Cognitive scores were similar between groups; however, receptive, expressive and composite language scores were lower for children whose primary language was Spanish. These differences remained significant after adjustment for medical and socio-economic factors. Spanish speaking children scored worse on the BITSEA competence and problem scores using univariate analysis, but not after adjustment for medical and socio-economic factors.
Our finding that preterm children whose primary language was Spanish had similar cognitive but lower language scores than those whose primary language was English suggests that using English language-based testing tools may introduce bias against non-English speaking children born preterm.
PMCID: PMC4108617  PMID: 23735043
development; prematurity; second-language; race/ethnicity
14.  Individualized developmental care for a large sample of very preterm infants: health, neurobehaviour and neurophysiology 
Acta paediatrica (Oslo, Norway : 1992)  2009;98(12):1920-1926.
To assess medical and neurodevelopmental effects of Newborn Individualized Developmental Care and Assessment Program (NIDCAP) for a large sample of very early-born infants.
One hundred and seven singleton inborn preterm infants, <29 weeks gestational age (GA), <1250 g birth weight, enrolled in three consecutive phases, were randomized within phase to NIDCAP (treatment, E) or standard care (C). Treatment extended from admission to the Newborn Intensive Care Unit to 2 weeks corrected age (wCA). Outcome included medical, neurobehavioural and neurophysiological status at 2 wCA, and growth and neurobehavioural status at 9 months (m) CA.
The C- and E-group within each of the three consecutive phases and across the three phases were comparable in terms of all background measures; they therefore were treated as one sample. The results indicated for the E-group significant reduction in major medical morbidities of prematurity as well as significantly improved neurodevelopmental (behaviour and electrophysiology) functioning at 2 wCA; significantly better neurobehavioural functioning was also found at 9 mCA.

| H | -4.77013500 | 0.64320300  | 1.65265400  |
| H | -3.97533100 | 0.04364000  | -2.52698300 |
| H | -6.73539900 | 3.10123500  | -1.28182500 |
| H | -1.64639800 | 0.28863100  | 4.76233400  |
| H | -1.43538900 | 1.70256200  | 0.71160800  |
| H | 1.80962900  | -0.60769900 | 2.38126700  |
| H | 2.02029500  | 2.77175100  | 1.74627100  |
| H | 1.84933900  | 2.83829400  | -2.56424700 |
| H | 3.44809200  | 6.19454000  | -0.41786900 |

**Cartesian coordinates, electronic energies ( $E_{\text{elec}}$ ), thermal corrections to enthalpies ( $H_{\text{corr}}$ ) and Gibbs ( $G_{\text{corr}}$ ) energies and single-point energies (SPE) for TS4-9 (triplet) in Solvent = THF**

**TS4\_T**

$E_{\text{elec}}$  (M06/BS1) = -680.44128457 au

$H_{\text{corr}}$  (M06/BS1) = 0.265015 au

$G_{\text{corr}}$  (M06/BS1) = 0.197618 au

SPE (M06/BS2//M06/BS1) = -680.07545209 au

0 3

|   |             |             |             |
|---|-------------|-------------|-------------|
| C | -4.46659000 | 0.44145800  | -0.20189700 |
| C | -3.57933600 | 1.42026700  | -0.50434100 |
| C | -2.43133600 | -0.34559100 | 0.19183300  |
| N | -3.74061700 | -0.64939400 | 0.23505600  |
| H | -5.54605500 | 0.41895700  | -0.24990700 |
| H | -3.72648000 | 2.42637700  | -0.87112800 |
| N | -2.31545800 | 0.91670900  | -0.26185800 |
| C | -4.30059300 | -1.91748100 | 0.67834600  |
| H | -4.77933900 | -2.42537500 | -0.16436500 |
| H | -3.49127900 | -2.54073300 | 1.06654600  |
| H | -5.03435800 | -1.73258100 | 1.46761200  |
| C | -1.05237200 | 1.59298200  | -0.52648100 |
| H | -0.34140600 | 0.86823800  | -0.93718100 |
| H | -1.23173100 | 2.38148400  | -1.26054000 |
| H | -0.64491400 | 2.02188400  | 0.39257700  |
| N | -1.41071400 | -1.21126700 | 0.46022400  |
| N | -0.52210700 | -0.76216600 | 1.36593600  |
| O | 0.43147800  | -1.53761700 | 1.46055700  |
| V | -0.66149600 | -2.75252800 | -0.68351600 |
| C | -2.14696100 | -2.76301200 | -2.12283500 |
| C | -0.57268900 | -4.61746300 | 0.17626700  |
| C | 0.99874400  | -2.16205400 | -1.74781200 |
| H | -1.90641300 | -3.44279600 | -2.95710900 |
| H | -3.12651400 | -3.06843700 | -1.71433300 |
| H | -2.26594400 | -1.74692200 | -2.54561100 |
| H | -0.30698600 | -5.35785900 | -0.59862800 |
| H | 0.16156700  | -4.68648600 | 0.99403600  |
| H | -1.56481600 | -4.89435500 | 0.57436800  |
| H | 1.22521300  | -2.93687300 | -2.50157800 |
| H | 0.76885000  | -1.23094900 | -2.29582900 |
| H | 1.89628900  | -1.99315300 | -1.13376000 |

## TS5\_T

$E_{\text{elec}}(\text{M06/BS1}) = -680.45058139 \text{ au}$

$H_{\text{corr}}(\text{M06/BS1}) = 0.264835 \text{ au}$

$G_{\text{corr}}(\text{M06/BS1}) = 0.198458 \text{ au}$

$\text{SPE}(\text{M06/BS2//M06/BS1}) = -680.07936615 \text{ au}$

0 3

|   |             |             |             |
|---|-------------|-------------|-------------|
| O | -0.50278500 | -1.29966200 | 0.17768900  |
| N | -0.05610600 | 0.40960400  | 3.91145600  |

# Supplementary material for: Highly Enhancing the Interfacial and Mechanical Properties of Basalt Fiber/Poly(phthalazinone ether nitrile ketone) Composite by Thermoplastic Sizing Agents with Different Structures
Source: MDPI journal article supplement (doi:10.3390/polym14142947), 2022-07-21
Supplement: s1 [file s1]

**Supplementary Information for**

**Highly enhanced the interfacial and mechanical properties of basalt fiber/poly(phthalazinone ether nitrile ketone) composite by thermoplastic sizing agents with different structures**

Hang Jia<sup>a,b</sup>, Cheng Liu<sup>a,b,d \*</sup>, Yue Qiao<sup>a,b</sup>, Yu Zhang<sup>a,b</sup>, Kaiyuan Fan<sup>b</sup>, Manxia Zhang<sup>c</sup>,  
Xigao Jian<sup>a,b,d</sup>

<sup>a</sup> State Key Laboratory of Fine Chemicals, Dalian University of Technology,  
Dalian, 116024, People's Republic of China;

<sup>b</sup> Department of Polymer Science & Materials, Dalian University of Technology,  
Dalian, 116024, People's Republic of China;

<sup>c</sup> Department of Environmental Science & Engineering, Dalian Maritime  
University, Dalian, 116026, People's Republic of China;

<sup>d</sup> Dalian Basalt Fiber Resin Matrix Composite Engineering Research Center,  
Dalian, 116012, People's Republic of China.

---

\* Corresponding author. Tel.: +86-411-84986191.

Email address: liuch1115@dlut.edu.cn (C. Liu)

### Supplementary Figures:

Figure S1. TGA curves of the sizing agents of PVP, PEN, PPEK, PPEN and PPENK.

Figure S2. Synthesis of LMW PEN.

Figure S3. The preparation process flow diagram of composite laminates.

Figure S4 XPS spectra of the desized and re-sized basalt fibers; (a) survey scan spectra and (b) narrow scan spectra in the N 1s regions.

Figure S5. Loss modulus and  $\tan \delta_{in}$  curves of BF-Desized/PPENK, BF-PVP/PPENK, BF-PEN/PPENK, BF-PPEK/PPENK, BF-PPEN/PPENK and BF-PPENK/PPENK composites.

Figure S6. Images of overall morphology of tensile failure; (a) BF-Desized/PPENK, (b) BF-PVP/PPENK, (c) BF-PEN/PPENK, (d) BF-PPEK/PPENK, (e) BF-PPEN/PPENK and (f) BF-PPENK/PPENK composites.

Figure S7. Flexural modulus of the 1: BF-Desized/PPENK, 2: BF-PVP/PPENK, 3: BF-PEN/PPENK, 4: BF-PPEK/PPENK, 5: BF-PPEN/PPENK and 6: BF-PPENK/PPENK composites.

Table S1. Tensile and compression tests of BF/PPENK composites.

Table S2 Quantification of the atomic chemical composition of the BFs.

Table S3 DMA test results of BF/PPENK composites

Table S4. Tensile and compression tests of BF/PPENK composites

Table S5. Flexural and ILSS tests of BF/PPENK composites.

The NIDCAP is an effective treatment for very early-born infants. It reduces health morbidities and enhances neurodevelopment, functional competence and life quality for preterm infants at 2 w and 9 mCA.
PMCID: PMC4097011  PMID: 19735497
Behaviour; EEG spectral coherence; Neurodevelopment; NIDCAP; Prematurity
15.  Maintenance Intravenous Fluid Prescribing Practices Among Paediatric Residents 
Acta paediatrica (Oslo, Norway : 1992)  2012;101(10):e465-e468.
To investigate the sodium composition of maintenance intravenous fluids used by paediatric residents throughout the United States in common clinical scenarios of arginine vasopressin excess.
We distributed an online survey to paediatric residency programs asking what type of maintenance intravenous fluids (0.2%, 0.45%, 0.9% NaCl or Lactated Ringers) they would administer in four common clinical scenarios of arginine vasopressin excess (gastroenteritis, pneumonia, meningitis and post-operative) in both a 6-month-old (mo) and a 13-year-old (yo) child.
We had 472 responses, representing 5% of the total paediatric residency population in the US. Hypotonic maintenance intravenous fluids were selected in 78% of children (88.2% of 6 mo and 68.5% of 13 yo). Isotonic maintenance intravenous fluids were selected approximately twice as often for patients with meningitis as for those without (21.4% vs 8.7% 6 mo and 42.8% vs 27.7% 13 yo; p <.0.001).
The majority of US paediatric residents would prescribe hypotonic maintenance intravenous fluids in disease states associated with arginine vasopressin excess. However, a significant number of residents are using isotonic maintenance intravenous fluids. Isotonic fluids are more likely to be prescribed in older children and children with meningitis.
PMCID: PMC4042841  PMID: 22765308
Fluid therapy; sodium; saline; hyponatraemia; children
16.  Breast Cancer Risk Among Klinefelter Syndrome Patients 
To evaluate male breast cancer (MBC) risk among Klinefelter Syndrome (KS) patients and relate this to possible biologic explanations.
A literature review was conducted to identify case series and epidemiologic studies that have evaluated MBC risk among KS patients.